After that, the children were divided into small groups and participated in free activities. The facility has a large number of small rooms with specific themes and relevant materials; a room to play board games, a room for painting, a PC room, and a room to play house. Each group of children chose one of the themes for the day, and went to the relevant room to conduct activities (see Photos 6, 7 and 8). Boys rushed into the board game room and played happily with the games. Children are engaged in two types of activities; activities of a certain topic chosen by children for the day, and long-term activities such as creating a piece of work. Photo 9 shows some tie-dyed pen cases made by children, which required six months to complete.
|Photo 6: Room to play board games||Photo 7: Room for painting|
|Photo 8: Room for little children||Photo 9: Work of children's long-term project: tie-dyed pen cases|
When we had an interview with the director of the facility and asked her what they value most, she replied "To help children acquire the ability to think by themselves." When we observed teachers, we found out that they did not actively give instructions to the children, instead, they carefully watched them, taking a step back. When children have any trouble, teachers first help them think about how to resolve it. In this way, children will learn how to proactively join activities and express their opinions, and develop cooperativeness and autonomy.
2. Daycare Center B: Learning in an environment composed of elementary school, daycare center, and neuvola
The second daycare center we visited is also located in Vantaa City, about 30 minutes by train from the Helsinki Railway Station. Cities around the nearest station were newly developed. The two-story building was just built last year, composed of elementary school, daycare center, esikoulu, neuvola (a Finnish maternity and childrearing support system for families during pregnancy, at childbirth and with children), and a child-rearing support center. The center of the building houses a cafeteria where children of all ages take their meals. The opening and closing hours of the facility are almost the same as those of Daycare center A. The number of children assigned in six classes is 90 in total, and 29 of them attend esikoulu. The facility is open to the public and offers activities for local residents. There are a large number of small classrooms for various activities, all of which are glass-walled so that teachers can observe children's activities (see Photo 11).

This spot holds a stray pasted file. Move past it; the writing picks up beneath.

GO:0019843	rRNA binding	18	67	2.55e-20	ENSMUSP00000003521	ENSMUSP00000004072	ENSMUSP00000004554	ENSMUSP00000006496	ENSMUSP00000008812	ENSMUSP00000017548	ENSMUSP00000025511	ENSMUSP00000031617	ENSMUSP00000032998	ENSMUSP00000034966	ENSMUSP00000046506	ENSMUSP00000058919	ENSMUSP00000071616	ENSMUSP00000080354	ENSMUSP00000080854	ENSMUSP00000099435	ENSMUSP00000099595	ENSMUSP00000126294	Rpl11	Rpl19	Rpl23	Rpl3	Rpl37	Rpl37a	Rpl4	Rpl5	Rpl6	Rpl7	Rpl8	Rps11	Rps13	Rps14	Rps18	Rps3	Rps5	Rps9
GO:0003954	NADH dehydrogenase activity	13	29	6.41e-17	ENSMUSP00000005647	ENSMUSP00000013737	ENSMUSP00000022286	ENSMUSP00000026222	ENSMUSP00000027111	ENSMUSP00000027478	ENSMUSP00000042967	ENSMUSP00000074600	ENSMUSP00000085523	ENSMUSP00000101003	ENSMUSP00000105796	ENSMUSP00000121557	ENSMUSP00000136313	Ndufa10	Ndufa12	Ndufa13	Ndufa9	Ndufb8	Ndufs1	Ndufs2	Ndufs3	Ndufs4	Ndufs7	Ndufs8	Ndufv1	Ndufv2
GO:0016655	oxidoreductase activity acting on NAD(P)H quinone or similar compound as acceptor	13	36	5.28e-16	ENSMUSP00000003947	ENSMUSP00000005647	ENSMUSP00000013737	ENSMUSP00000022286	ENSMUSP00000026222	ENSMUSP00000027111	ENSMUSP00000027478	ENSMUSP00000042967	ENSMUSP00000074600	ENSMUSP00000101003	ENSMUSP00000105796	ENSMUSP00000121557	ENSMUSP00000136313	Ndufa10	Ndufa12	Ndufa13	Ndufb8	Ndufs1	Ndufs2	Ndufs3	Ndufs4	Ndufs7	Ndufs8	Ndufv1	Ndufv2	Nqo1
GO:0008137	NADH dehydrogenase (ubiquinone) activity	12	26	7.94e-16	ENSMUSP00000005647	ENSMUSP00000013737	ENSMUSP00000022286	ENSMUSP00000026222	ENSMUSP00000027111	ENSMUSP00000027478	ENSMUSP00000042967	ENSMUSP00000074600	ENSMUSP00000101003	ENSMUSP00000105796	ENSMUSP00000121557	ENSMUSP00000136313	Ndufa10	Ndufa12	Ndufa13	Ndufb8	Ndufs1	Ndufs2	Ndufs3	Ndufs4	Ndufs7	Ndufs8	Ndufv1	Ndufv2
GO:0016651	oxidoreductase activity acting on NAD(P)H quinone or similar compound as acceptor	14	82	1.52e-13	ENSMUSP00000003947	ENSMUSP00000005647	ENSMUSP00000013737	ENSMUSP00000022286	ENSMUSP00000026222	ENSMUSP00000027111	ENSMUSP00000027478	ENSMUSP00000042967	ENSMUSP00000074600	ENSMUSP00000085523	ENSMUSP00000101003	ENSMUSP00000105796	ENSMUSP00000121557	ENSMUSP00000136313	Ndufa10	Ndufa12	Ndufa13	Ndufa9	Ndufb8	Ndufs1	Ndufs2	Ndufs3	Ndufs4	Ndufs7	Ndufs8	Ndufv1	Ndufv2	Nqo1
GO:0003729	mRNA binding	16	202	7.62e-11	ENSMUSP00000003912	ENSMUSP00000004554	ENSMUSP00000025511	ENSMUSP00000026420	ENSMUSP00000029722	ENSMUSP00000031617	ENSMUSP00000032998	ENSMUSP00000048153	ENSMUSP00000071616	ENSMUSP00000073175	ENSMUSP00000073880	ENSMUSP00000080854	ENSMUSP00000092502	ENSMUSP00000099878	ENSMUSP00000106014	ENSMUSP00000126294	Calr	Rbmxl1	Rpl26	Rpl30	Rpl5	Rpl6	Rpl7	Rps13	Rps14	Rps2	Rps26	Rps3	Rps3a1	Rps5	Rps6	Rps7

Photo 10: Exterior of Daycare center B
|Photo 11: Glass-walled room to play house||Photo 12: Children engaged in their activities|
The building was built based on a design selected through a competition in order to realize the education policy of the daycare center. Therefore, it is designed to facilitate interactions between the elementary school and the daycare center. For example, there is a cafeteria in the center of the building to make children feel the reality of spending time together with children of different ages under the same roof. All the classrooms branch out from this cafeteria (see Photo 13). Vacant classrooms can be commonly used, while the Principal's room of the elementary school and the Director's room of the daycare center are connected by a door, allowing easy access between them. Since the building comprises a child-rearing support center, daycare center, esikoulu and elementary school, most of the children have grown accustomed to visiting the building from an early age. This enables parents to anticipate the future development of their child as well as to easily access and establish a relationship with other parents, teachers, and child-rearing support staff members. The daycare center has their original furniture such as desks and chairs made. A movable table that can be used as a chair is made of light material with a simple shape so that children can carry it unassisted (see Photo 14). In addition, the color of walls and floors as well as the layout of furniture are very simple compared to those of daycare centers in Japan (see Photo 15). We asked them why they maintain such a simple interior, and they replied "These rooms can be arranged with colorful works and belongings of children" (see Photo 16). We also saw small Murphy beds (wall beds) for children's napping time (see Photo 17). After observing the facility, we felt that the design of the environment is also critical in realizing educational policies.